Süleyman Demirel passed away on June 17 at the age of 90. He is recognized not only as a “warrior of democracy” and for his unyielding commitment to democratic politics, but also for having survived two military coups—in 1971 and September 1980. He was imprisoned thereafter, but succeeded in making a comeback to politics to eventually serve between 1993 and 2000 as the ninth President of the Turkish Republic. His professional background in civil engineering was reflected in the importance he attributed to large infrastructure projects; he saw such projects as critical to Turkey’s modernization and development.
Demirel came from the rural Anatolian town of Isparta, and took pride for being known as “Çoban Sülü” (an affectionate nickname that, perhaps rather awkwardly, translates to Shepherd Süleyman). He was also renowned for his remarkable memory span, which led people to comment that he knew the name of every Turkish citizen. Perhaps more than any of his predecessors, he understood the needs of the Anatolian population. According to Demirel, “water” was the strongest weapon in the fight against hunger and poverty that still characterized everyday life across Anatolia in the 1950s and 1960s. This was captured in the remarks he delivered during a recent interview: “When water from dams starts flowing into plains and lowlands, I see how water improves the lives of rural people, I see them raising their crops in greater predictability, then be able to feed themselves, achieve modest prosperity and some experience of joy and happiness.”
He managed the early stages of Turkey’s transformation from a largely agrarian society into an urban one, and put in motion the first set of reforms that developed the country into an industrial and services-oriented economy. Under his leadership in the 1960s, the Turkish economy enjoyed a 6 percent growth-rate, while an unprecedentedly high percentage of the population experienced an increase in their living standards. Electricity and roads reached corners of Turkey that had previously been bereft of such infrastructural comforts.
Yet, the onset of the 1970s would unleash a series of challenges. The nation became caught in the turmoil of weak governments, economic shortages, and left- and right-wing extremism. The mounting street violence and general instability created conditions that, according to the military establishment, necessitated a coup against Demirel’s government in 1971 and then again in September 1980. At the time, many claimed that Demirel’s inflexibility and relentless political ambitions prevented him from halting Turkey’s slide into chaos. For a large number of people, his name became synonymous with one of the darkest periods in Turkey’s political history.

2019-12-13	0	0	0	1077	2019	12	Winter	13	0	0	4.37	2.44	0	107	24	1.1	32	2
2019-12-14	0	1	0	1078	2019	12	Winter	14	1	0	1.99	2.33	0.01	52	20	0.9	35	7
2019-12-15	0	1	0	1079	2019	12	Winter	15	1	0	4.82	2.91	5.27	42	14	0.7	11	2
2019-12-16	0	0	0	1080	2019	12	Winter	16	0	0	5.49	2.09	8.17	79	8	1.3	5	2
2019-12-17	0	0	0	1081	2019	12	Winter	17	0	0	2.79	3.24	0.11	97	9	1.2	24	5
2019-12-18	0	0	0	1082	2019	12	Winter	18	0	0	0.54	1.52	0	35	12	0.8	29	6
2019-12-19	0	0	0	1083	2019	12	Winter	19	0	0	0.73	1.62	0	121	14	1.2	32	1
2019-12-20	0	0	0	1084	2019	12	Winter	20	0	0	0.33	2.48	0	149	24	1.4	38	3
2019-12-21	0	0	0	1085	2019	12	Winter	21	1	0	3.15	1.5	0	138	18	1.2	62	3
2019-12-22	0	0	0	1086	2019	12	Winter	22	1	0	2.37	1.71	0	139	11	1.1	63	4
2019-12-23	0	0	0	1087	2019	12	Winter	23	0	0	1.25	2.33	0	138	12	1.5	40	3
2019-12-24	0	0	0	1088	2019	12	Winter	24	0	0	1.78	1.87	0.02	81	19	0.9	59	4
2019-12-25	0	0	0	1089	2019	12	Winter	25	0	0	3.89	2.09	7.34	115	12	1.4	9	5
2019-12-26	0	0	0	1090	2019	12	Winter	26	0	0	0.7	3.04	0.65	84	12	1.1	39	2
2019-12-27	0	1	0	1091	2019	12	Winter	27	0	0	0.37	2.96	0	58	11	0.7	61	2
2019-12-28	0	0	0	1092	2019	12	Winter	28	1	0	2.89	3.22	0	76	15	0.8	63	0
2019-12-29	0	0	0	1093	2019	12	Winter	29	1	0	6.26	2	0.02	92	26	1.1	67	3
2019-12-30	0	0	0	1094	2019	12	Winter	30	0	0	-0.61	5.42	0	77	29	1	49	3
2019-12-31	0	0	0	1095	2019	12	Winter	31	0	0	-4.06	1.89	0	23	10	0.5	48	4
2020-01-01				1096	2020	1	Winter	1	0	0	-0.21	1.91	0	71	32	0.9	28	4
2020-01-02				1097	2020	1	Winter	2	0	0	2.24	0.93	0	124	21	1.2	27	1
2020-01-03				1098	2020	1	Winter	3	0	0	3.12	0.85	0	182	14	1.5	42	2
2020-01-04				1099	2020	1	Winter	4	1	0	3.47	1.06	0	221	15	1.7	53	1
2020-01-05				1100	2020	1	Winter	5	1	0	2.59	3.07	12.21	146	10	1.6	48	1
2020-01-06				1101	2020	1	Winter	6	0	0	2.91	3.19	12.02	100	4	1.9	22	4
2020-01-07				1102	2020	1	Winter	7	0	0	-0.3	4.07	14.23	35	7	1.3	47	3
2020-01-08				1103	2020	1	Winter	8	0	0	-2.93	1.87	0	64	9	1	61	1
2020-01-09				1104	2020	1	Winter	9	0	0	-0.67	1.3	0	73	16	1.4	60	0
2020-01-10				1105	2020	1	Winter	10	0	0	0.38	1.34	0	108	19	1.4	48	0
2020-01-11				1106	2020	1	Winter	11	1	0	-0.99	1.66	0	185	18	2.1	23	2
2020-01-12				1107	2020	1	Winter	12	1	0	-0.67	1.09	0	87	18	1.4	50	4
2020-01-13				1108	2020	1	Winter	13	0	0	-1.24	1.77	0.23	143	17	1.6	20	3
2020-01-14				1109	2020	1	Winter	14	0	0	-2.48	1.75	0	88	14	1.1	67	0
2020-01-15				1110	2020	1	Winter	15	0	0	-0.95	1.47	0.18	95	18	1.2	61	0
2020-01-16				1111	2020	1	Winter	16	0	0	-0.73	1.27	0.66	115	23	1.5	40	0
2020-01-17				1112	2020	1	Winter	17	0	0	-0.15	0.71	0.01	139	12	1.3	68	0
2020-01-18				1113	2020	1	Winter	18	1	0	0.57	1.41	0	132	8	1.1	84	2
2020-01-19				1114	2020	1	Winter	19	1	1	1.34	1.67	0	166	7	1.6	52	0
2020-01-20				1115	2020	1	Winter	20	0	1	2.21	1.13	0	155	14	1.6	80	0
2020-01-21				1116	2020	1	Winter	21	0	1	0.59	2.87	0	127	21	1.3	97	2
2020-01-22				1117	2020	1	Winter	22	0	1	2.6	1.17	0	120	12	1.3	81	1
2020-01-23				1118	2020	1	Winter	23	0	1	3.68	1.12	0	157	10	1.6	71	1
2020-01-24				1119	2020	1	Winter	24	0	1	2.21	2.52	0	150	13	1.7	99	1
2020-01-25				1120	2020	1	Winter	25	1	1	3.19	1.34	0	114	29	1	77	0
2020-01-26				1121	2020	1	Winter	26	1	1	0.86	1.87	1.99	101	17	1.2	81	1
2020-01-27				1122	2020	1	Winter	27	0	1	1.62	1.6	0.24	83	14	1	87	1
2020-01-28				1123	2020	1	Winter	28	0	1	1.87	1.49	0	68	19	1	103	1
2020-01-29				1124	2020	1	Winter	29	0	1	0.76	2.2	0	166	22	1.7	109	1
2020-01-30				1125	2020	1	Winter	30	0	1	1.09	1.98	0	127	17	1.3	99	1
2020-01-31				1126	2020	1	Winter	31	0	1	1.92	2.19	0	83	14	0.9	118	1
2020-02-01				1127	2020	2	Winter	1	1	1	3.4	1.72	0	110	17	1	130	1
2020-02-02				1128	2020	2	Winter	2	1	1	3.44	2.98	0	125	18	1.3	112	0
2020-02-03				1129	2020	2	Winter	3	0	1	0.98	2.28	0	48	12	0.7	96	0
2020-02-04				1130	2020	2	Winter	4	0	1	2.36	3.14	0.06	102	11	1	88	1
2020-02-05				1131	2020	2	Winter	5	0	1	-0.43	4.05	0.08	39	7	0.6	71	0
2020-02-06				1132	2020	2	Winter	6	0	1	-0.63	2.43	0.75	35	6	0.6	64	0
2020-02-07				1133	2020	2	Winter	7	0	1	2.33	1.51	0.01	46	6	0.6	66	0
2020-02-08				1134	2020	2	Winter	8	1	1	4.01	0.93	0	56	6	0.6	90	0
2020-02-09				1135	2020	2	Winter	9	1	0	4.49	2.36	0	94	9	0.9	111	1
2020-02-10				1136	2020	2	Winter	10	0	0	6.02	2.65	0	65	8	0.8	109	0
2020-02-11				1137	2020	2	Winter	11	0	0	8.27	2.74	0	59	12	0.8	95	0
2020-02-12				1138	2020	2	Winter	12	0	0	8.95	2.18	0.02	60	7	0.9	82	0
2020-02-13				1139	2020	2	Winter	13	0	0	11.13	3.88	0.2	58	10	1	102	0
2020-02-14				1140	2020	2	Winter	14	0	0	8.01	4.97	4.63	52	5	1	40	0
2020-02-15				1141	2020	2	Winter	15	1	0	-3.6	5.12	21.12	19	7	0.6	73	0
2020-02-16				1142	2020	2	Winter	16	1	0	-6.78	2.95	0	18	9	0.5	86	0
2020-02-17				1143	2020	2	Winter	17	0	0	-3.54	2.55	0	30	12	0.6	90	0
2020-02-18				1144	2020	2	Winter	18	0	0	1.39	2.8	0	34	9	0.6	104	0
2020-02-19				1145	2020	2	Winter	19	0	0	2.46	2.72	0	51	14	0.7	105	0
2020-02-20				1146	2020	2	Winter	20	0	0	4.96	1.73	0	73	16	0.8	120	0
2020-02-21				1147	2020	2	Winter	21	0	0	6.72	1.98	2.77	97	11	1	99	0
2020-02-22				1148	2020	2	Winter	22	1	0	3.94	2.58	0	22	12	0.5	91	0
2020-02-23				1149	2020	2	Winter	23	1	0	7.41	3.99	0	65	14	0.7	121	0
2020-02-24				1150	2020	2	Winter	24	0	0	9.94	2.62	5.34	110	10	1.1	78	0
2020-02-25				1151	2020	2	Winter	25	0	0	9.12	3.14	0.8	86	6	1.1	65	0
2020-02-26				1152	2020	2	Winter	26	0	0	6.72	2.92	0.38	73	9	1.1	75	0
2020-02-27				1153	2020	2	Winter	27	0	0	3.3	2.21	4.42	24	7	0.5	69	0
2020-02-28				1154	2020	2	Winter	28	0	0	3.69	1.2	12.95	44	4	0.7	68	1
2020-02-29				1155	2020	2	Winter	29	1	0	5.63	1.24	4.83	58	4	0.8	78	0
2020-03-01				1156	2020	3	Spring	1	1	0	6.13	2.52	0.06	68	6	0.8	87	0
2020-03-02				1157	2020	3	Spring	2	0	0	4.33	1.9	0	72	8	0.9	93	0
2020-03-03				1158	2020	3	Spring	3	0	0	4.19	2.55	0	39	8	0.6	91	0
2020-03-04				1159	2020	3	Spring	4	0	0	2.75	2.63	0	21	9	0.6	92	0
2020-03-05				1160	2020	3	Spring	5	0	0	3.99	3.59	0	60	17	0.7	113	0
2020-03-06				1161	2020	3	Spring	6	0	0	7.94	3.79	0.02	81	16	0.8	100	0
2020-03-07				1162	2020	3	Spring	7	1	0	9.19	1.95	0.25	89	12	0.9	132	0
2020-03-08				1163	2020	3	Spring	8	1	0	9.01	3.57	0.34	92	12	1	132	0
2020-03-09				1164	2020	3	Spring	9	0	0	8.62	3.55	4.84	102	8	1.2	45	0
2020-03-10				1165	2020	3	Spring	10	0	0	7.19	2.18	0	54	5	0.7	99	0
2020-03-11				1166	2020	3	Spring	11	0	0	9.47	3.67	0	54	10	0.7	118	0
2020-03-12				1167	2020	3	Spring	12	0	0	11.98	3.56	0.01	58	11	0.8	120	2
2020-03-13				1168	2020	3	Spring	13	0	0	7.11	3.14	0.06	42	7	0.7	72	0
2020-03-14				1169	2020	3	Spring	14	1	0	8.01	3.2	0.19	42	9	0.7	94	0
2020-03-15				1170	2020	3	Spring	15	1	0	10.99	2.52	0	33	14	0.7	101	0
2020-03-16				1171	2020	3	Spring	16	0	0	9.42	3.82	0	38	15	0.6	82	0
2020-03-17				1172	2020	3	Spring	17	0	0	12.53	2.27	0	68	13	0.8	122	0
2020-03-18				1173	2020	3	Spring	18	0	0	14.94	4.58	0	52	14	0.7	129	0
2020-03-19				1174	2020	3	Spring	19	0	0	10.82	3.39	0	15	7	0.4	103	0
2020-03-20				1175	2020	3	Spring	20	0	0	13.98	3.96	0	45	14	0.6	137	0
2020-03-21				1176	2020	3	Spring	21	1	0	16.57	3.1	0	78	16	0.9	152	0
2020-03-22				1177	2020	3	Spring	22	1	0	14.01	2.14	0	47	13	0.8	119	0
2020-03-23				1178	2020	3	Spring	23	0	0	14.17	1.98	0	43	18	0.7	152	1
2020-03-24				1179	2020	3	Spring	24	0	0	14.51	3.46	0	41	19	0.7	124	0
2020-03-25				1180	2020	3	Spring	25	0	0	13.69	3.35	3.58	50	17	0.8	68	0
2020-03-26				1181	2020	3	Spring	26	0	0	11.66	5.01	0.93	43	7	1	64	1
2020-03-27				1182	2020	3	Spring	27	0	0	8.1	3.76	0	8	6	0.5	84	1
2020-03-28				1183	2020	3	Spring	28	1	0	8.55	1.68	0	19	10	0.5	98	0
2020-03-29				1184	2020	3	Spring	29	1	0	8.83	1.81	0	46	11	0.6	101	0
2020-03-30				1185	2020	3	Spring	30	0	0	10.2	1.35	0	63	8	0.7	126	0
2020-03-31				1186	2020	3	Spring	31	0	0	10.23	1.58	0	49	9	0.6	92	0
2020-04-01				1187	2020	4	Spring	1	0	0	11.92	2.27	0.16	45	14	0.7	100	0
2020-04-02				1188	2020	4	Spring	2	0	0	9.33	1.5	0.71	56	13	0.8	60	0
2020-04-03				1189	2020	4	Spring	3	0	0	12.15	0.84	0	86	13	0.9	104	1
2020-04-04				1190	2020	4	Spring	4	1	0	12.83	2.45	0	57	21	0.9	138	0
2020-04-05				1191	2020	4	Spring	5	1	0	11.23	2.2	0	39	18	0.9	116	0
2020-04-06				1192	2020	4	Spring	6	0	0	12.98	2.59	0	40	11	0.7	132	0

Nevertheless, he came to play an increasingly constructive role in Turkey’s painfully slow return to democracy from the late 1980s onwards. For example, as a member of a coalition government in the early 1990s, he tried to address the Kurdish problem in Turkey through politics. In cooperation with his coalition partner Erdal İnönü, Demirel enabled Kurdish politicians from Democracy Party (DEP)—the precursor to Peoples’ Democratic Party (HDP)—to enter into the parliament. However, he once more failed to prevent the security and military establishment from taking charge, as the country drifted into bouts of violence, nationalist clashes and massive violations of human rights. Towards the end of his presidency, his contributions to Turkey’s democratization finally started to bear fruit, culminating in the nation’s candidacy for EU membership in 1999.
Demirel left an imprint upon foreign policy, too. He was deeply committed to the transatlantic alliance. He was very proud to be the only serving statesmen from the 1975 conference that had seen the adoption of the Helsinki Charter. This charter would govern relations between the West and the Soviet bloc during the Cold War as well as plant the seeds of democratic values into the various states that made up the Soviet bloc. The 1999 OSCE Summit, held in Istanbul under Demirel’s presidency, was also a significant step towards constructing the post-Cold War regional order. Foremost, the summit produced the Charter for European Security, which put in place a comprehensive security model to confront the new risks and challenges that were facing the continent in its new security environment.
The collapse of the Soviet Union opened a whole new geography for Demirel, and enabled him to play an active role in shaping Turkey’s neighbourhood in the last decade of the previous century. He will be remembered for his relations with two former Soviet leaders, Heydar Aliyev of Azerbaijan and Eduard Shevardnadze of Georgia. With them, he contributed to Azerbaijan and Georgia’s consolidation of their independence from Russia and adoption of a Western vocation. He also saw Turkey as an actor that would help the whole Turkic world, from “the Adriatic to the Chinese Wall,” be brought economically, politically, socially and strategically into the Western fold.
On top of these achievements, he will mostly be remembered for his infamous fedora (a symbol of Westernization during Ataturk’s era), warm voice, and his disarming smile—a smile that helped soften the otherwise confrontational nature of Turkish politics. As Turkey’s democracy goes through tough days, the nation will miss, above all, his wisdom and experience.